For those who may not know, we are in the midst of National Bible Week, sponsored by the National Bible Association. This is a week, especially identified to raise awareness of the Bible's importance and relevance to the nation and the lives of individuals. During this week, Christians are encouraged to read and study the bible in greater detail. But Christians aren't the only ones who can benefit from it, right?
As an American Muslim, I fully support the goal and purpose of National Bible Week. It may sound strange to hear a Muslim honoring National Bible Week, but I'm not the only one. The Ahmadiyya Muslim Community -- the oldest Muslim organization in America -- supports this week and calls on Americans to join together in this cause of reading and studying the Bible. This is just part of the effort the Ahmadiyya Muslim Community has waged all year long, which is why we have hosted many interfaith symposia throughout the year all over the country on the topic of "sanctity of holy scriptures," where we advocate for respect and honor to all Holy Scriptures.
Why do we do this? One of the core fundamental beliefs in Islam is to honor all revealed books, not just the Quran. Muslims believe in earlier texts in their original form, and the Quran specifically mentions the Scrolls, Torah, Psalms and Gospel. As Muslims, we are expected to honor and respect these earlier texts, which contain guidance from God.
Chapter 5 of the Holy Quran specifically illustrates that both the Torah and the Gospel were sent by God to guide people. Verse 45 states:
Surely, We sent down the Torah wherein was guidance and light. By it did the Prophets, who were obedient to Us, judge for the Jews, as did the godly people and those learned in the Law; for they were required to preserve the Book of God, and because they were guardians over it...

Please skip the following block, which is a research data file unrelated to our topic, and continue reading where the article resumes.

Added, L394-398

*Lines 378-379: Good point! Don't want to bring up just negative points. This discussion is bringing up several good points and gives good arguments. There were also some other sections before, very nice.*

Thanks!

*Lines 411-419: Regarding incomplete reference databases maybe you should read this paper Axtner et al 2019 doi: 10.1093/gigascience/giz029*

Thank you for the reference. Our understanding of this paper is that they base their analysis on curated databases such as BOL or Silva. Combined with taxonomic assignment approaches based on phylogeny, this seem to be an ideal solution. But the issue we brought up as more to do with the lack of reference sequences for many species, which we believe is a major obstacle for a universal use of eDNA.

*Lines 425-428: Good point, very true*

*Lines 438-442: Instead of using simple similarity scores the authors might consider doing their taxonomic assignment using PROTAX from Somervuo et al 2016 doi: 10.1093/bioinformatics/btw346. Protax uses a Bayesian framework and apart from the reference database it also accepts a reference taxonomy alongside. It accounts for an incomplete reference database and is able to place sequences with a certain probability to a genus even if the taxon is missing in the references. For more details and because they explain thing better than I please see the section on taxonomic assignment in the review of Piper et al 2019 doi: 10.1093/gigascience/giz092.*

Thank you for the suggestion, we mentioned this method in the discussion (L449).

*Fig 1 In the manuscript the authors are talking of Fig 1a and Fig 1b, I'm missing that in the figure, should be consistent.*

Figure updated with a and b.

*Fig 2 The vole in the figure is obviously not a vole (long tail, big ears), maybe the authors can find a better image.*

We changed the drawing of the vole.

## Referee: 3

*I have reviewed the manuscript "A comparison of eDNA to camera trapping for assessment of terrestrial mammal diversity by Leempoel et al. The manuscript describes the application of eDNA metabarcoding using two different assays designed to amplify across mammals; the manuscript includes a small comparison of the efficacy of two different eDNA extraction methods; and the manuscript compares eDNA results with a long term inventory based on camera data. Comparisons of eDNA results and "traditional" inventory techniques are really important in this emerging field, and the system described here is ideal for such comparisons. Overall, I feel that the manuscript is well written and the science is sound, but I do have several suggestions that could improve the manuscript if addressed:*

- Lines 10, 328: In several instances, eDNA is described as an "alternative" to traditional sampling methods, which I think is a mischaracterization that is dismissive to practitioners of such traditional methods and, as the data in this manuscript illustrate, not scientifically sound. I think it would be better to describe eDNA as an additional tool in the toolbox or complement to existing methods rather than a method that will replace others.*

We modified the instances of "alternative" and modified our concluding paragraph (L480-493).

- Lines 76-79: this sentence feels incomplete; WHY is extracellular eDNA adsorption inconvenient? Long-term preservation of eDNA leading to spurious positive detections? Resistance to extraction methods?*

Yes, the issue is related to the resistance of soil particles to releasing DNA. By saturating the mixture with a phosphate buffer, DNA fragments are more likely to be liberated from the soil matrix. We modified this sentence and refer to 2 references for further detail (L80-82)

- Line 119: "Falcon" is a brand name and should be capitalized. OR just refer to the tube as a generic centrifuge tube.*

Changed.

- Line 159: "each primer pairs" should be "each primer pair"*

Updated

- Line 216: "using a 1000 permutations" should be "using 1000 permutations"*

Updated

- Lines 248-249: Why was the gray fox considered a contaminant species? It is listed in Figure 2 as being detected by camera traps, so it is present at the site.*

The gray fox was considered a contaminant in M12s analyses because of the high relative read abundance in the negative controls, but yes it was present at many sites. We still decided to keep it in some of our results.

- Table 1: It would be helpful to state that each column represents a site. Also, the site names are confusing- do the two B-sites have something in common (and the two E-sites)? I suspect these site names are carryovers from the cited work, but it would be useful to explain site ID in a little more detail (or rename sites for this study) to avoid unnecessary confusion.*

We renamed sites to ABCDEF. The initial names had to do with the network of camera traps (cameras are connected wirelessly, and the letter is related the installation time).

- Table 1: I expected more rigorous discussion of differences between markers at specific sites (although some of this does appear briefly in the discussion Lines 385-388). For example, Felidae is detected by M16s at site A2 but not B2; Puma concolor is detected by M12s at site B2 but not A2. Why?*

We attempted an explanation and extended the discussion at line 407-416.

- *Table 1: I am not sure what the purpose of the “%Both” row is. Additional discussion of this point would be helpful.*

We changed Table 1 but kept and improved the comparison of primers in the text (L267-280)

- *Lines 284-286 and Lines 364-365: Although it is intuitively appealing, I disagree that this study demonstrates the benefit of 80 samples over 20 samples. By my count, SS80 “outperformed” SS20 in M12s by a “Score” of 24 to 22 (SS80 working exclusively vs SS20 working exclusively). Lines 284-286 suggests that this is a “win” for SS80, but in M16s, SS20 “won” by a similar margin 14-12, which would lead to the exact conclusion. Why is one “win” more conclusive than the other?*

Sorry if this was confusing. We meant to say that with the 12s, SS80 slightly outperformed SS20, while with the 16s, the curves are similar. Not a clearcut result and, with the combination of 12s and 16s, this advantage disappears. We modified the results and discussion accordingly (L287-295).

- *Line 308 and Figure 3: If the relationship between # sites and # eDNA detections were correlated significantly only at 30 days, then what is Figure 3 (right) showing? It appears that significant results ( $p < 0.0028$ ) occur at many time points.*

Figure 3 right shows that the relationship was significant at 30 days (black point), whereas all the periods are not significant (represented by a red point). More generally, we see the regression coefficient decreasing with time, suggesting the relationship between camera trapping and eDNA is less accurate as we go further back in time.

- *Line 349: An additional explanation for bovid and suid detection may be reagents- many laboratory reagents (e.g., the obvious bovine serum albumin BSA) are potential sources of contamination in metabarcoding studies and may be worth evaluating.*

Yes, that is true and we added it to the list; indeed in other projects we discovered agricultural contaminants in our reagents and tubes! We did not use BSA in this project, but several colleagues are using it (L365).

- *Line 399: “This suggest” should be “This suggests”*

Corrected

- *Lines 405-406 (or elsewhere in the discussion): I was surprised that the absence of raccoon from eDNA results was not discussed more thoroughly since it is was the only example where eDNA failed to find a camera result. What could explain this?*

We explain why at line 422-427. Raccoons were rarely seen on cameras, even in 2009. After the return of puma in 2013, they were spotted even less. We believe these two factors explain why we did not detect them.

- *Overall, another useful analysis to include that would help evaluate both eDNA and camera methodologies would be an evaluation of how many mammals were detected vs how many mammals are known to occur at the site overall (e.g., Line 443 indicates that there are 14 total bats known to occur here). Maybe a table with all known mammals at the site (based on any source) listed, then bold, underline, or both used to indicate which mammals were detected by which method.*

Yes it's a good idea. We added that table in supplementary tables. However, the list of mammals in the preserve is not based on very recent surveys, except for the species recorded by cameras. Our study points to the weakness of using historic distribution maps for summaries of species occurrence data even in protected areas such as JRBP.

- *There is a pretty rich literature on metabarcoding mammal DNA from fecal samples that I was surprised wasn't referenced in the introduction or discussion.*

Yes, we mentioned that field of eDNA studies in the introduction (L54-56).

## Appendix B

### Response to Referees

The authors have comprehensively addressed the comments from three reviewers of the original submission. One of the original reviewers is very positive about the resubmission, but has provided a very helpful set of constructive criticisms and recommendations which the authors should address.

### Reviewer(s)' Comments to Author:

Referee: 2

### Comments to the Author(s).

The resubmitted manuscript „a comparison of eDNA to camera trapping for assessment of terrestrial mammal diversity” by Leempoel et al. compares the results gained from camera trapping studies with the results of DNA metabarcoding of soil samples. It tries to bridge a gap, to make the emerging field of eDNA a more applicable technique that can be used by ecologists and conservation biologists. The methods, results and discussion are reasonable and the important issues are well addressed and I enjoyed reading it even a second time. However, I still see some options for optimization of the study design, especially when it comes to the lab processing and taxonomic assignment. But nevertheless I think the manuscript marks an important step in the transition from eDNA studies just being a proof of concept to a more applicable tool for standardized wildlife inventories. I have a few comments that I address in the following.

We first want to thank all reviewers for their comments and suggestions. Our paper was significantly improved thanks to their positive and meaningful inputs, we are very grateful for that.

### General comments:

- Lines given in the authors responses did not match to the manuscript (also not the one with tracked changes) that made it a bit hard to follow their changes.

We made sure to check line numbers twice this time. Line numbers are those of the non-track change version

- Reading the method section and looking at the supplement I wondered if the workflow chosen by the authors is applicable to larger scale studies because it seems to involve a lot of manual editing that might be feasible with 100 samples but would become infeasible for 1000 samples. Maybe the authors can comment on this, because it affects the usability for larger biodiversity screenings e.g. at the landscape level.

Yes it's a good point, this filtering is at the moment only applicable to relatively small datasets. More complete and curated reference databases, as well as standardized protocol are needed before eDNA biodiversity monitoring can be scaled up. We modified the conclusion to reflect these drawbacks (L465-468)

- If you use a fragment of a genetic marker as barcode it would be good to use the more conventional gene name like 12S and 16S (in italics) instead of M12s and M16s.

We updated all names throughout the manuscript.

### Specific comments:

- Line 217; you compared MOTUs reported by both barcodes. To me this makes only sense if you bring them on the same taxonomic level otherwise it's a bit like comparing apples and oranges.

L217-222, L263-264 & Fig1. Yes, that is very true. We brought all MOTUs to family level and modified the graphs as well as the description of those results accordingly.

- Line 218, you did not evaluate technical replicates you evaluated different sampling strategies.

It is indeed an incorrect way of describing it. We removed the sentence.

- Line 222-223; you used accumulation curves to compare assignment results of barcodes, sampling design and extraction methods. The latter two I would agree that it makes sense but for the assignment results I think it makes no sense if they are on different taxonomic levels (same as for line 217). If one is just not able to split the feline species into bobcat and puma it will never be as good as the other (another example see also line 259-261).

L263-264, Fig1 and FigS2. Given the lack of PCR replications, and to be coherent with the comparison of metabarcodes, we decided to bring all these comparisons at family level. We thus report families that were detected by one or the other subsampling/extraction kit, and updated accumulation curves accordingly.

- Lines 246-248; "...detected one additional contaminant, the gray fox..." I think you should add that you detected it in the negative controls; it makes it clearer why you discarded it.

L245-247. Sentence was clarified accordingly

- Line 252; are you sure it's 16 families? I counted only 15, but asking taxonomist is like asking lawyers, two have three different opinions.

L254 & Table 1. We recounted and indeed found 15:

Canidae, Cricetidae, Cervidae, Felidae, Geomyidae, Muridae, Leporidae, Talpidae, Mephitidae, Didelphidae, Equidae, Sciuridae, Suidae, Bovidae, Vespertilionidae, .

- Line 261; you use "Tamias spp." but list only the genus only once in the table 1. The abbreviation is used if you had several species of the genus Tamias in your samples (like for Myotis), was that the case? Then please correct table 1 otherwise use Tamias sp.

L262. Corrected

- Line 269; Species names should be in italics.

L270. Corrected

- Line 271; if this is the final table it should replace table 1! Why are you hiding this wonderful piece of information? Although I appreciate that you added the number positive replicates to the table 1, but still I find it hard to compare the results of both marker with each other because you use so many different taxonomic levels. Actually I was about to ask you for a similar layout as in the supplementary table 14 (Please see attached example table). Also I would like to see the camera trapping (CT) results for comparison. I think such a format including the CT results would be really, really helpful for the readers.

Just two verses later, attention is turned to the prophet Jesus and the Gospel, when it states
And We caused Jesus, son of Mary, to follow in their footsteps, fulfilling that which was revealed before him in the Torah; and We gave him the Gospel which contained guidance and light, fulfilling that which was revealed before it in the Torah, and a guidance and an admonition for the God-fearing. And let the People of the Gospel judge according to what God has revealed therein...
The fact is that the Quran affirms the truth of all the previous revelations, including those given to Moses and Jesus. This is because Islam is not just a "religion of Muhammad." One of the fundamental beliefs in Islam is the belief in all previous prophets, whom God has sent throughout history all across the world to guide mankind on the path towards God. In fact, chapter 35 of the Holy Quran makes the bold statement that "there is no people to whom a Warner has not been sent."
Here the Quran tells us that it is not the Prophet Muhammad alone who has been sent as a Divine Messenger to call people to God. Rather, there had been sent to every people in the past a Heavenly Messenger who preached to them the same message of truth and righteousness. Thus it becomes an article of faith with Muslims to believe in and equally respect all prophets. By giving the world this sublime truth, Islam seeks to create an atmosphere of amity and goodwill among different faiths and to remove that rancor and bitterness which has ruined relationships between followers of these faiths.
Because of the honor and respect my holy scripture lays on the Torah and Gospel, I fully support the National Bible Week and its effort to encourage more people to read, study and understand the Bible. To do this is to follow the guidance of God. After all, it is said in chapter 3 of the Holy Quran: "And He will teach him the Book and the Wisdom and the Torah and the Gospel."
Our desire is to bring people towards God, and to do this, one must understand their faith. I welcome all people across the nation to spend some time this long weekend reading and studying the Bible. And don't be surprised to find Muslims doing so as well.
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